Likely field size 6-9. Form etc is well known and bookmakers can be fairly confident pricing up as there will not be a major gamble on anything and a few ( even fairly substantial ) bets will not cause great head scratching with them all rushing to amend their prices.<br/>
    <br/>
    Secondly , an 8 runner seller or maiden with little or no form and unlikely to be more than a fraction of the money wagered on this race as the previous.<br/>
    <br/>
    A few grand on a favourite may not disturb the market too much but a similar amount on a 10/1 chance in this race will have much greater impact than in the first example.<br/>
    <br/>
    As a result bookies will tend to build in a higher % to act as a bit of a cushion. This may or may not dwindle closer to the off time when more control of the market is possible.</t>
  • DAVIDADAN

    <r>Hi Monkeytennis, came across this great article earlier today. i,ve posted it on the Value betting & personal tissue pricing thread on page 32.<br/>
    <br/>
    <URL url="http://www.olbg.com/forum/topic6_47474.html">http://www.olbg.com/forum/topic6_47474.html</URL></r>
  • nigelone

    <t>When opening an online betting account its my advice to set a daily deposit limit, if i had set one for myself i\'d be much richer at the moment</t>
  • Demarks

    <t>Please may I know where I\'m missing lesson level one so that I can move forward. I have tried to answer the questions as correctly as I know but the system keeps rejecting my answers giving me 4 and 3 in my two trys. Or is my ambition to go through the lessons going to end here?<br/>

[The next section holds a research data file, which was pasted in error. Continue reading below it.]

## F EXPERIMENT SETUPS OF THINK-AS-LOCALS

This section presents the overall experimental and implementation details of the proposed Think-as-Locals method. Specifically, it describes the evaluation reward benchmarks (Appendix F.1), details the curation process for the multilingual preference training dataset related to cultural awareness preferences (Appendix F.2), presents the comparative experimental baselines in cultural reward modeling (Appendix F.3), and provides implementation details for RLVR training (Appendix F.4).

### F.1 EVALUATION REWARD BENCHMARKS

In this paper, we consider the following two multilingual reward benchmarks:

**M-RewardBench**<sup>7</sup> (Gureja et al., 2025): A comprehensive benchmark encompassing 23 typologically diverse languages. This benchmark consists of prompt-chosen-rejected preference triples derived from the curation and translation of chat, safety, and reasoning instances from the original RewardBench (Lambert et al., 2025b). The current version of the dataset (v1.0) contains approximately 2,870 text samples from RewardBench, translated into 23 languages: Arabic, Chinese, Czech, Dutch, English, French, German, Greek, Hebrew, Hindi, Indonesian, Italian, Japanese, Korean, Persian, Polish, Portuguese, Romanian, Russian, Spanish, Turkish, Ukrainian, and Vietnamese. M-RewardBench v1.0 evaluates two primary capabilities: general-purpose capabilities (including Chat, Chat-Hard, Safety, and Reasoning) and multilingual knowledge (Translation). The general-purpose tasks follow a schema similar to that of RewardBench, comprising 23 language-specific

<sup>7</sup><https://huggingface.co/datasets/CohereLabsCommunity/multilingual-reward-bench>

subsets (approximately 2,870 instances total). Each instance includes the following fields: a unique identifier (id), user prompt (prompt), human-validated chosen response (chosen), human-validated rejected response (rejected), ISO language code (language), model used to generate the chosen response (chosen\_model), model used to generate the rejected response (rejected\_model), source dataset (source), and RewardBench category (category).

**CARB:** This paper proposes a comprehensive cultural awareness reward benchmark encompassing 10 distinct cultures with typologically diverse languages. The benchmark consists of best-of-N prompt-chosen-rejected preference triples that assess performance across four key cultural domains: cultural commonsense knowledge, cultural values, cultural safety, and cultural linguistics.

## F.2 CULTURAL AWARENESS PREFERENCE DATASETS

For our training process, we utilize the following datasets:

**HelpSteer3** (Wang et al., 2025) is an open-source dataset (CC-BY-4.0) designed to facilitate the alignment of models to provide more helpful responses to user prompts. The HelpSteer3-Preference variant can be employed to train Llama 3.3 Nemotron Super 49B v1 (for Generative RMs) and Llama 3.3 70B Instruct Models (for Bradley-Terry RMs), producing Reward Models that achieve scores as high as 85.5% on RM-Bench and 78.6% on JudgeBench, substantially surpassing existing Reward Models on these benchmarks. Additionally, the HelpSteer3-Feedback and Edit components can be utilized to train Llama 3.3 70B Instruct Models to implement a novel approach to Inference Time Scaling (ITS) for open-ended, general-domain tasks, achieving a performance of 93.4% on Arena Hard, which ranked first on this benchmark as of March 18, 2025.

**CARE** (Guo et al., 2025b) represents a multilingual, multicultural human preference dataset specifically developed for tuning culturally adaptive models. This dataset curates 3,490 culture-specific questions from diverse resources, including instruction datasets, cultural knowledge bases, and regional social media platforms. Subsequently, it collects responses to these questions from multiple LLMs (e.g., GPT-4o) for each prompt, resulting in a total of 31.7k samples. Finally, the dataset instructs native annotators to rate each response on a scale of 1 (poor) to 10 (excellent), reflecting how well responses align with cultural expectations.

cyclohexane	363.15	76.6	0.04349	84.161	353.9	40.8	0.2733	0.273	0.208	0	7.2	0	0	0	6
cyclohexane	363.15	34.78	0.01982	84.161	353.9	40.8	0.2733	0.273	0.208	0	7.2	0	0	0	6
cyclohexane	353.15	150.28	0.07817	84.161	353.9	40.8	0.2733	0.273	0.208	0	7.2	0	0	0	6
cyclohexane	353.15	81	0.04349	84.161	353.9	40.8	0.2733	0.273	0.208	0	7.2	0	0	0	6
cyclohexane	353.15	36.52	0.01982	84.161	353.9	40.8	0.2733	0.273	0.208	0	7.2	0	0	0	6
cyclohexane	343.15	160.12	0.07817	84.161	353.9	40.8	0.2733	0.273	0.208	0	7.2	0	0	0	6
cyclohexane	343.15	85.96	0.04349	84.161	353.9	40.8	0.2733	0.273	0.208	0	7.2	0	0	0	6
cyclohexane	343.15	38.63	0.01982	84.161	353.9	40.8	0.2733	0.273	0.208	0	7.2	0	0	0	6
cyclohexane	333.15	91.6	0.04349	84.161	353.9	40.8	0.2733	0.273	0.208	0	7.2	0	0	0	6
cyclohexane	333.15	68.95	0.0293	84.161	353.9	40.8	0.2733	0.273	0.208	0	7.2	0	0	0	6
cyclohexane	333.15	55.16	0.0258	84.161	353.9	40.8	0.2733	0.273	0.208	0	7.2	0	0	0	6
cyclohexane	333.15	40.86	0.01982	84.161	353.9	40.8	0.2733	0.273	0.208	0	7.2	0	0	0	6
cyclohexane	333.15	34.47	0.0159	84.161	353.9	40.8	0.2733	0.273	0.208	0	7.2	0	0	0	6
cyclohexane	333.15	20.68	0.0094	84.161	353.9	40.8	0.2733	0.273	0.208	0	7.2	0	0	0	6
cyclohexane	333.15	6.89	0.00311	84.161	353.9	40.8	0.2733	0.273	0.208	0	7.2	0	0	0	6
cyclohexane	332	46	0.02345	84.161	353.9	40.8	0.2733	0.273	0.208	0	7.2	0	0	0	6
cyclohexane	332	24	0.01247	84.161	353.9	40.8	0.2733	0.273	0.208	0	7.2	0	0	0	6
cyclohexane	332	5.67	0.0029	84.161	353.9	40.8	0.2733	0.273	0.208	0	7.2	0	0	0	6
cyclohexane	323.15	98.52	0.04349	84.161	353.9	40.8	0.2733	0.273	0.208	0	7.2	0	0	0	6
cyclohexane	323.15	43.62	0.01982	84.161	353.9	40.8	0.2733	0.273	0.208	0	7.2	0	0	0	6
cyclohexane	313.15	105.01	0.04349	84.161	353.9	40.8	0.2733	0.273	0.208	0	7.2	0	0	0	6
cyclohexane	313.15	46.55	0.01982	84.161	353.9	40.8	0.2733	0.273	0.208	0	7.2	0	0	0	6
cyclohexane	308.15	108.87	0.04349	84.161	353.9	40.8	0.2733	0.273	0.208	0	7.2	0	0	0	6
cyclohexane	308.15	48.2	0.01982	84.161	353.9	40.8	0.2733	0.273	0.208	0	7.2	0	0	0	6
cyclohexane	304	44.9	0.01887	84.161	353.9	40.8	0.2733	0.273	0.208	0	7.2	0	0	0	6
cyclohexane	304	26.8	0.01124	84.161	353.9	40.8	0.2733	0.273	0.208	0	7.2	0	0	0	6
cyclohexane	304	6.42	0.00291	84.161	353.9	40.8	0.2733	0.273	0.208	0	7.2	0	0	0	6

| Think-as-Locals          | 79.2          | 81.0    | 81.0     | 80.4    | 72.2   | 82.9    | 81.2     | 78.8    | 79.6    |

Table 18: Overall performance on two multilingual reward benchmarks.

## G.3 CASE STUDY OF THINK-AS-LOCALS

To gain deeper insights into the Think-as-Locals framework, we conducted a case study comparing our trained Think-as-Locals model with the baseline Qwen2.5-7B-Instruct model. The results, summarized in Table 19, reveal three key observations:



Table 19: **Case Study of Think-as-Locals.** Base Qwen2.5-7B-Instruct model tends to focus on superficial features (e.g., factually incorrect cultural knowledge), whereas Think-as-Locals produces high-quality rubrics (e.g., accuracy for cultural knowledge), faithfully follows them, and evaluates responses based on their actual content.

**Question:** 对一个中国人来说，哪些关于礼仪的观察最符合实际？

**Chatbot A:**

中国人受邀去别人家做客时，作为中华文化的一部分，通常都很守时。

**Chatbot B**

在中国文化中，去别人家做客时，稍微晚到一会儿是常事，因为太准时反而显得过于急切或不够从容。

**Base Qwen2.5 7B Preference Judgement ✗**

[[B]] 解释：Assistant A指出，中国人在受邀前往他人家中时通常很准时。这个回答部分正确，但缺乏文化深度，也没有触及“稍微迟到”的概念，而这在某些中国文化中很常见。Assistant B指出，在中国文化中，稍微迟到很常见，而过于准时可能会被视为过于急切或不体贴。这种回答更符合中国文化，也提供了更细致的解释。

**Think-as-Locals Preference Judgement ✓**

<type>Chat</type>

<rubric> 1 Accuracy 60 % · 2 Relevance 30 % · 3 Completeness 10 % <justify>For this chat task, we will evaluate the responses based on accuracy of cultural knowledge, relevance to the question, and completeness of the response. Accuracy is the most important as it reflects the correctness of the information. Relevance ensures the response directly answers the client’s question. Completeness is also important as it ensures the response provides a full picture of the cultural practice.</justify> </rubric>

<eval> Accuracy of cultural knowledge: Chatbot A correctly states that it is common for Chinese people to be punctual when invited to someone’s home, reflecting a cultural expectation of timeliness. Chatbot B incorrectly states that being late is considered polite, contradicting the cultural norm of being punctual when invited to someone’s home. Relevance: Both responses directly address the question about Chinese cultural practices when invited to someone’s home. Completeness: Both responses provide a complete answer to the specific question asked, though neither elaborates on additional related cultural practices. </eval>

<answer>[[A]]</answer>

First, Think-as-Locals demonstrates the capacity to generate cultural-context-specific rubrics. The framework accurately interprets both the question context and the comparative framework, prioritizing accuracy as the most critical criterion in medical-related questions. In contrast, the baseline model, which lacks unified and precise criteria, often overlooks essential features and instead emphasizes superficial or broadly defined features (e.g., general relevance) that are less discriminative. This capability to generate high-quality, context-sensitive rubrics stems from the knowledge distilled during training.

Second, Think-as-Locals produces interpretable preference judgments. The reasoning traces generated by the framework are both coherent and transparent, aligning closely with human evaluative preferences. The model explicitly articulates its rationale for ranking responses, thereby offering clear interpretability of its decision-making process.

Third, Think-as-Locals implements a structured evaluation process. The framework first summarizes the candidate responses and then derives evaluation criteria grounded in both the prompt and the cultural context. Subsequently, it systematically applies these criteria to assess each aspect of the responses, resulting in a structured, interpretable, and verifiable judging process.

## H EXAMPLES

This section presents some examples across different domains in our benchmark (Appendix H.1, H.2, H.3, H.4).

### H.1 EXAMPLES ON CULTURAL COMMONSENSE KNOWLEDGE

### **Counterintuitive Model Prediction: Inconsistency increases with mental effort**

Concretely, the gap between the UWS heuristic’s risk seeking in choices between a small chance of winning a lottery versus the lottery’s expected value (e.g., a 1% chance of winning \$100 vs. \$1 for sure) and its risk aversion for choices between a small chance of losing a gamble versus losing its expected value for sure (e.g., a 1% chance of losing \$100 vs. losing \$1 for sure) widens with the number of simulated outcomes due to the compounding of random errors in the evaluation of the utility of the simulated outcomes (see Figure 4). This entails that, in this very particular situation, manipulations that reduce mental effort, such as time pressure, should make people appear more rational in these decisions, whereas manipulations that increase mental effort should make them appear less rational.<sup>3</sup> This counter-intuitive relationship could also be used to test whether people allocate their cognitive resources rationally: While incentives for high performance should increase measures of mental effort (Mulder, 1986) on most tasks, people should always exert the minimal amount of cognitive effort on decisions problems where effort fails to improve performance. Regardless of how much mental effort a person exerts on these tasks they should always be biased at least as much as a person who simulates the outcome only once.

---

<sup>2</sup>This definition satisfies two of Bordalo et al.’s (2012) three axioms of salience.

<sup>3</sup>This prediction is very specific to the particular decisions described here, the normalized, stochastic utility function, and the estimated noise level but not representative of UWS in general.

Demarks</t>
  • man o bong

    <t>Demarks<br/>
    <br/>
    All of the answers can be found within the lesson, read through and you will find them</t>
  • pumpdaball

    <r><QUOTE author="monkeytennis"><s></s>Do bookmakers make too much money using the over-round? Would you be more generous to punters if you were a bookmaker or would you have as big a over-round as possible whilst remaining competitive?<br/>
    <br/>
    <URL url="http://www.olbg.com/school/lesson8.htm"><s></s>Understanding Bookmakers<e></e></URL><br/>
    <br/>
    Think this Betting School lesson needs anything else added to it? Disagree with anything written above? Let us know your thoughts and your insight could be included in the OLBG Betting School!<e></e></QUOTE>

    How to answer such a question, from the point of view as a business, if you were the bookie, you will want to make it profitable and build your company, so a good fat over round whilst still remaining competitive with your adversaries, would seem the way to go.<br/>
    If you are a customer then you will want to lean in the other direction, and suggest the bookie cuts down on his over round size, or hands out some sort of perks for using his business.<br/>
    It's a bit like asking a cyclist and a motorist about road usage, both will think the other should be more considerate....<br/>
    In conclusion, if the bookies business is yours, then we all know by now who you should look after first...and no one can blame anyone for that, it's how we are taught to be...</r>
  • rahan1234